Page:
I’m not talking about the clinical illness—although that can come along for the ride as well. I’m talking about the moment where you just want to throw it all away. It’s when you just feel like you don’t have what it takes, and you’re sure quitting is the only way to go. Interestingly enough this moment almost always comes along from someone on the outside. An agent, and editor, another writer, a bad review. Someone tells us we aren’t good, and we believe them. It doesn’t matter how many times we’ve heard we ARE good. The one negative is what breaks the camel’s back.
If you are a writer, you are going to have to deal with depression. It could be tied to envy. Maybe you are bummed out because another writer had some great success. Maybe you just realized your great idea had been used somewhere else. Maybe you just got your hundredth rejection. It’s perfectly okay to feel depressed. Just remember that like Kim says about feeling envy, you’re in good company. Anyone who strives to succeed in the arts will experience depression.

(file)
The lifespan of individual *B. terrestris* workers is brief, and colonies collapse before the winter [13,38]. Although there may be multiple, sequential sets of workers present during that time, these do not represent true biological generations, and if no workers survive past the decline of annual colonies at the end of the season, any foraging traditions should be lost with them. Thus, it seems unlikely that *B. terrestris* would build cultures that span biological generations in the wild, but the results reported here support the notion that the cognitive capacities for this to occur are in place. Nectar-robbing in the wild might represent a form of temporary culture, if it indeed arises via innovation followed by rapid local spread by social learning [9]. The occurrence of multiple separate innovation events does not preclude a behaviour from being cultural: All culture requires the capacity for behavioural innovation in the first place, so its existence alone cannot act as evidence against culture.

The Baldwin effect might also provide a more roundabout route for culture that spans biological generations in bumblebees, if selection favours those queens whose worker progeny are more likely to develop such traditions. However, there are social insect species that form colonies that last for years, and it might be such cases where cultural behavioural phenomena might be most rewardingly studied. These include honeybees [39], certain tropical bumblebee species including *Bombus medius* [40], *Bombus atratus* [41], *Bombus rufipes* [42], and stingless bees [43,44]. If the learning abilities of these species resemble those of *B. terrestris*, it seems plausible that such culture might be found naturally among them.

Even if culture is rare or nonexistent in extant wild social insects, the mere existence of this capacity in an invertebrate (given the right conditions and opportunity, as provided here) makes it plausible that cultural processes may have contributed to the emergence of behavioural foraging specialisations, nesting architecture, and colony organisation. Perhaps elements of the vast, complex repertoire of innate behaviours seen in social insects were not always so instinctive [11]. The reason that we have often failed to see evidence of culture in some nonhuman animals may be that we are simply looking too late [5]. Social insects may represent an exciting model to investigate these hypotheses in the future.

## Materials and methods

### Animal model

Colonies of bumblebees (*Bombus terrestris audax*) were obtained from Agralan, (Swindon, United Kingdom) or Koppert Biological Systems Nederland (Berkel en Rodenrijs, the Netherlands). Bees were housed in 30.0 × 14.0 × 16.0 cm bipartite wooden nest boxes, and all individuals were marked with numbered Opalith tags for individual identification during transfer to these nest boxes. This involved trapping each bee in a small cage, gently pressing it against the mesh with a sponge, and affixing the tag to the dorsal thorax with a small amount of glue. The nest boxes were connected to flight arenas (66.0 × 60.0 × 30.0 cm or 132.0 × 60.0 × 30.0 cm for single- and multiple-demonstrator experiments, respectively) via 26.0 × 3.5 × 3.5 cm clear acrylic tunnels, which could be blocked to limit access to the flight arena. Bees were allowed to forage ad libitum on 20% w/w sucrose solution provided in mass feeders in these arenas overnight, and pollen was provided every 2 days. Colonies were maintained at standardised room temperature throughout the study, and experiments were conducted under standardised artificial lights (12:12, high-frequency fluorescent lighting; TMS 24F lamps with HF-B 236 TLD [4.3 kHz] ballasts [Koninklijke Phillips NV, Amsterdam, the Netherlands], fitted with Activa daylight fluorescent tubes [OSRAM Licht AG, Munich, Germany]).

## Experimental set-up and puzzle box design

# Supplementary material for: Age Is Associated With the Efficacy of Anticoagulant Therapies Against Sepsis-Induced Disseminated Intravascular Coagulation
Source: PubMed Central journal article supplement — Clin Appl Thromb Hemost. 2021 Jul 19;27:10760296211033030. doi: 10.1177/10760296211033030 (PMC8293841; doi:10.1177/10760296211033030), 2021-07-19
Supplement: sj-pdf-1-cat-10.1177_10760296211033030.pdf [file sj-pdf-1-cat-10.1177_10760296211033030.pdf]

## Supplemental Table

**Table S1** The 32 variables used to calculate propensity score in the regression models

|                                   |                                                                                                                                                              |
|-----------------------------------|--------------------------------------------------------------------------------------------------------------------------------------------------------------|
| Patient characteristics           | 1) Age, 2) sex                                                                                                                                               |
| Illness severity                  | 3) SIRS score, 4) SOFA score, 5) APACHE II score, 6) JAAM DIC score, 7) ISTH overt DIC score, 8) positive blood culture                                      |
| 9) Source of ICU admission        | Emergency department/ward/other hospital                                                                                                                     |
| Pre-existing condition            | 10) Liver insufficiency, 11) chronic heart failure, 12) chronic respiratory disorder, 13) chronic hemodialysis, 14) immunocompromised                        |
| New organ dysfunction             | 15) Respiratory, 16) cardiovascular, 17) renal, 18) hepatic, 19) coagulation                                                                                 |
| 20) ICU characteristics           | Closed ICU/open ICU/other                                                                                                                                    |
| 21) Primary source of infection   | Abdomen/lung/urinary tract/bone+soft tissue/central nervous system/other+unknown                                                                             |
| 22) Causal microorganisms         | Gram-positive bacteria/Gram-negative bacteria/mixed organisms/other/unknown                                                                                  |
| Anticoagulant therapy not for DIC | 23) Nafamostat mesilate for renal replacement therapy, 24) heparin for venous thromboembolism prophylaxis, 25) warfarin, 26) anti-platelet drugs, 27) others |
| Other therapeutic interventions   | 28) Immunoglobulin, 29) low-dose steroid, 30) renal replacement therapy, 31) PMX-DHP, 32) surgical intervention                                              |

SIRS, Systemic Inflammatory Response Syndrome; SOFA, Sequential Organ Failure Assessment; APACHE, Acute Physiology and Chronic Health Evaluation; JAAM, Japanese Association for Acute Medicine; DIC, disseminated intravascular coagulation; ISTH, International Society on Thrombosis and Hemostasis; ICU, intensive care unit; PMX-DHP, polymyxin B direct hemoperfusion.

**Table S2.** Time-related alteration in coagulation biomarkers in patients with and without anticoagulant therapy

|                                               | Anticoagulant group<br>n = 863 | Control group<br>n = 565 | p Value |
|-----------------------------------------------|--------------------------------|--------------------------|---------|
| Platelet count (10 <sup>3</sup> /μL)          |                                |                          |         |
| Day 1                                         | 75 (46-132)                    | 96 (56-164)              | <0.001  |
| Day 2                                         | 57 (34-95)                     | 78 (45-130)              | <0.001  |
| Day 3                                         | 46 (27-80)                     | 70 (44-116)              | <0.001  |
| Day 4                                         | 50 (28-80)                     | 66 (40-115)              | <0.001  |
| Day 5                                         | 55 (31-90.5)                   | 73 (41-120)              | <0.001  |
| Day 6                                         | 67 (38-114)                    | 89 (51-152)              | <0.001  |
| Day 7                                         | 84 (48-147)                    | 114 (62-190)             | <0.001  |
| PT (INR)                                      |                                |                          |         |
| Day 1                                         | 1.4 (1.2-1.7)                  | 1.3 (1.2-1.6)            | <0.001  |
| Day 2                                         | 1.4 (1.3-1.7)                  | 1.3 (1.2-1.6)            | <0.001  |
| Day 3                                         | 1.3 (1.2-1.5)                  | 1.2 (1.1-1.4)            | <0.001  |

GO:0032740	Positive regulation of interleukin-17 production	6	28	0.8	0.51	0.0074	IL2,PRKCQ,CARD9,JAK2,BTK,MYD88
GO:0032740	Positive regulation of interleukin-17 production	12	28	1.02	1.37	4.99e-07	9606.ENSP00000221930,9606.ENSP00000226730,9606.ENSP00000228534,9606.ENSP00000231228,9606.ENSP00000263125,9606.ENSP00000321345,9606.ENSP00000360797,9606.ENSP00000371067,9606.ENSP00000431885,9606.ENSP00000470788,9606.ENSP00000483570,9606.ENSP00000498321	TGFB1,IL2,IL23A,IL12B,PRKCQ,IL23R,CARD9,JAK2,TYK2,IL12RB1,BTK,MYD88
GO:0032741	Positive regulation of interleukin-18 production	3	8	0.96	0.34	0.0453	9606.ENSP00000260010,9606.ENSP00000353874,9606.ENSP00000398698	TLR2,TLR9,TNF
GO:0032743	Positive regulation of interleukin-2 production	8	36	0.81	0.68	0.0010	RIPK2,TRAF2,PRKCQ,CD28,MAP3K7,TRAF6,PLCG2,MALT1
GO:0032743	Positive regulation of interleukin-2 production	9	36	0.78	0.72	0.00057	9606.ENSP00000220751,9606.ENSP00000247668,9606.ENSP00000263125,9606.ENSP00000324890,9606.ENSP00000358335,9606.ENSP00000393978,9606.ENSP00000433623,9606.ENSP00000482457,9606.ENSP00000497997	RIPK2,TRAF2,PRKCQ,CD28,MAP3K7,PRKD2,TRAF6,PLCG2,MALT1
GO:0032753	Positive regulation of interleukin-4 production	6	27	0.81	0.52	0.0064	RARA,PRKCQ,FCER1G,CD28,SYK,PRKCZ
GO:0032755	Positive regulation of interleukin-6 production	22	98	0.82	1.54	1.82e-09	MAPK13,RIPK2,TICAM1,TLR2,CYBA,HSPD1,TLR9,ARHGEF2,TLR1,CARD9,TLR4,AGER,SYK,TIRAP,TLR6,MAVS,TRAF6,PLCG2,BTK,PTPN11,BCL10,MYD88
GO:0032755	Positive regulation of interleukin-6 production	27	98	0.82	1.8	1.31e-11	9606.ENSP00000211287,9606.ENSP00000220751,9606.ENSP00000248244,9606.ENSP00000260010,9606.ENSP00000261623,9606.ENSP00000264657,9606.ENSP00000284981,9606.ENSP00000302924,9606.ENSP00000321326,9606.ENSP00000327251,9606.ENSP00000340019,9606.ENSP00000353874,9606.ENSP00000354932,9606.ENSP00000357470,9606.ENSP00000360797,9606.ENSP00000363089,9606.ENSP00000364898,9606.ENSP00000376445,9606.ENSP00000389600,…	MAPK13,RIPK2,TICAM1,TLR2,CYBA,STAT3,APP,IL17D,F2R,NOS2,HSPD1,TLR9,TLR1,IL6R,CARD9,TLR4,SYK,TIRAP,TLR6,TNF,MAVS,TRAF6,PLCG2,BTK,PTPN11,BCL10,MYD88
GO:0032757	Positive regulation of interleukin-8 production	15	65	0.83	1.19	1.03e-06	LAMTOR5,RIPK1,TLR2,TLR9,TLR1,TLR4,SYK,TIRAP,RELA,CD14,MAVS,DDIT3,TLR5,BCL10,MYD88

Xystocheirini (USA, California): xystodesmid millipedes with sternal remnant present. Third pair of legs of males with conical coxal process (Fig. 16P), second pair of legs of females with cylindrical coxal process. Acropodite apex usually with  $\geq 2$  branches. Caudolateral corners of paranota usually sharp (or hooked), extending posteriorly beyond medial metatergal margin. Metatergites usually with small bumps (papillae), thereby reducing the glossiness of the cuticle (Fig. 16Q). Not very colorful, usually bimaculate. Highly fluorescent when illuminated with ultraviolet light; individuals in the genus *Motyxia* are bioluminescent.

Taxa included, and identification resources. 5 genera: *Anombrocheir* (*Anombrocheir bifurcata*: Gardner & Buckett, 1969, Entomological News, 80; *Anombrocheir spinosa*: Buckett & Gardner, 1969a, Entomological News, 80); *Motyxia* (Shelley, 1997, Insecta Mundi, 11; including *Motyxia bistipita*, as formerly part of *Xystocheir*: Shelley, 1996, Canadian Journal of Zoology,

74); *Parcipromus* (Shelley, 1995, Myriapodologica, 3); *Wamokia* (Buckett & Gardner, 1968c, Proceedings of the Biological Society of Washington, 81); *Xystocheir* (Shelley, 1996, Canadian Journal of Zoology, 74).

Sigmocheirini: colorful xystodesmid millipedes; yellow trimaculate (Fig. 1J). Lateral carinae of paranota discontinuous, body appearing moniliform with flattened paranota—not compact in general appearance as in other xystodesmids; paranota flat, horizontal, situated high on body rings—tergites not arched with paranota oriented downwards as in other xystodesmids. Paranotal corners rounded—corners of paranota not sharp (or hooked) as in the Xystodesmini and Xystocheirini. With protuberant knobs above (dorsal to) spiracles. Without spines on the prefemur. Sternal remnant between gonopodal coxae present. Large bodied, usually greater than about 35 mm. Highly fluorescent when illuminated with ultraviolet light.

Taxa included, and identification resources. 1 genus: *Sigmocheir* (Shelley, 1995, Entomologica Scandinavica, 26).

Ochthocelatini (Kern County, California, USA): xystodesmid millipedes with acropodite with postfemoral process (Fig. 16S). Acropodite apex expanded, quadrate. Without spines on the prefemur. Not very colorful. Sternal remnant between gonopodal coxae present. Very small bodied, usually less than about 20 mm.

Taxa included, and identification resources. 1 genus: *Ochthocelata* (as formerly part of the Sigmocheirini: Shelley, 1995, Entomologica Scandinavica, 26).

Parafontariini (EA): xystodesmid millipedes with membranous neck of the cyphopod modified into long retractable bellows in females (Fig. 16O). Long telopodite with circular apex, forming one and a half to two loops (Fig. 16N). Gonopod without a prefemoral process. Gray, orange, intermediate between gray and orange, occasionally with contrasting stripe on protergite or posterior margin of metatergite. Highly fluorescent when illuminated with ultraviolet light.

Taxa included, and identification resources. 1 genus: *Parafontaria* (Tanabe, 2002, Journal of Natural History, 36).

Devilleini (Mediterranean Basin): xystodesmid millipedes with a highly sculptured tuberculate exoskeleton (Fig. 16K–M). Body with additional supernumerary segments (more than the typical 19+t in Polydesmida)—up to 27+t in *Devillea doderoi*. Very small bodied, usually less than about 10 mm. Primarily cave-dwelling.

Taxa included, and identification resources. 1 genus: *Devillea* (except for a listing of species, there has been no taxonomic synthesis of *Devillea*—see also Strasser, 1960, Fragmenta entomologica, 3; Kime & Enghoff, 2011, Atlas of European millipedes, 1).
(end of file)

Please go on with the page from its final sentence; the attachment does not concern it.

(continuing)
The key is to not let it last too long, and to come up with a course of action. Someone said your writing sucks? Find out if it does. If so, improve it. Take a class. Read a book on writing. Fix what’s broken. If this project is hopeless, set it aside and start on something new. If your writing doesn’t suck, then remind yourself as Rob pointed out in a recent e-mail that Pride and Prejudice has one star reviews on Goodreads, and something called Everybody Poops 410 Pounds a Year got a five star review.
Either a book with interesting facts about bowel movements is better than P&P, or different people have different tastes. My good friend Ally may have an amazing book, but does it have demons who strip naked and camouflage themselves to slip past a circle of hell hounds? I think not. The best cure for depression is to remind yourself that things are not as bad as you think they are at the moment, and that absolutely nothing is stopping you from starting on something amazing today.
So, yeah, you still want to be an author? Even though I promise you that you will experience all of the above emotions, and many just as bad? Excellent. Because we need authors who are willing to fight through adversity, and your prose will be that much stronger for having made it through the fire. Next week, the good parts about being an author.
(And BTW, Christy, I owe you something special for becoming my 100th follower!)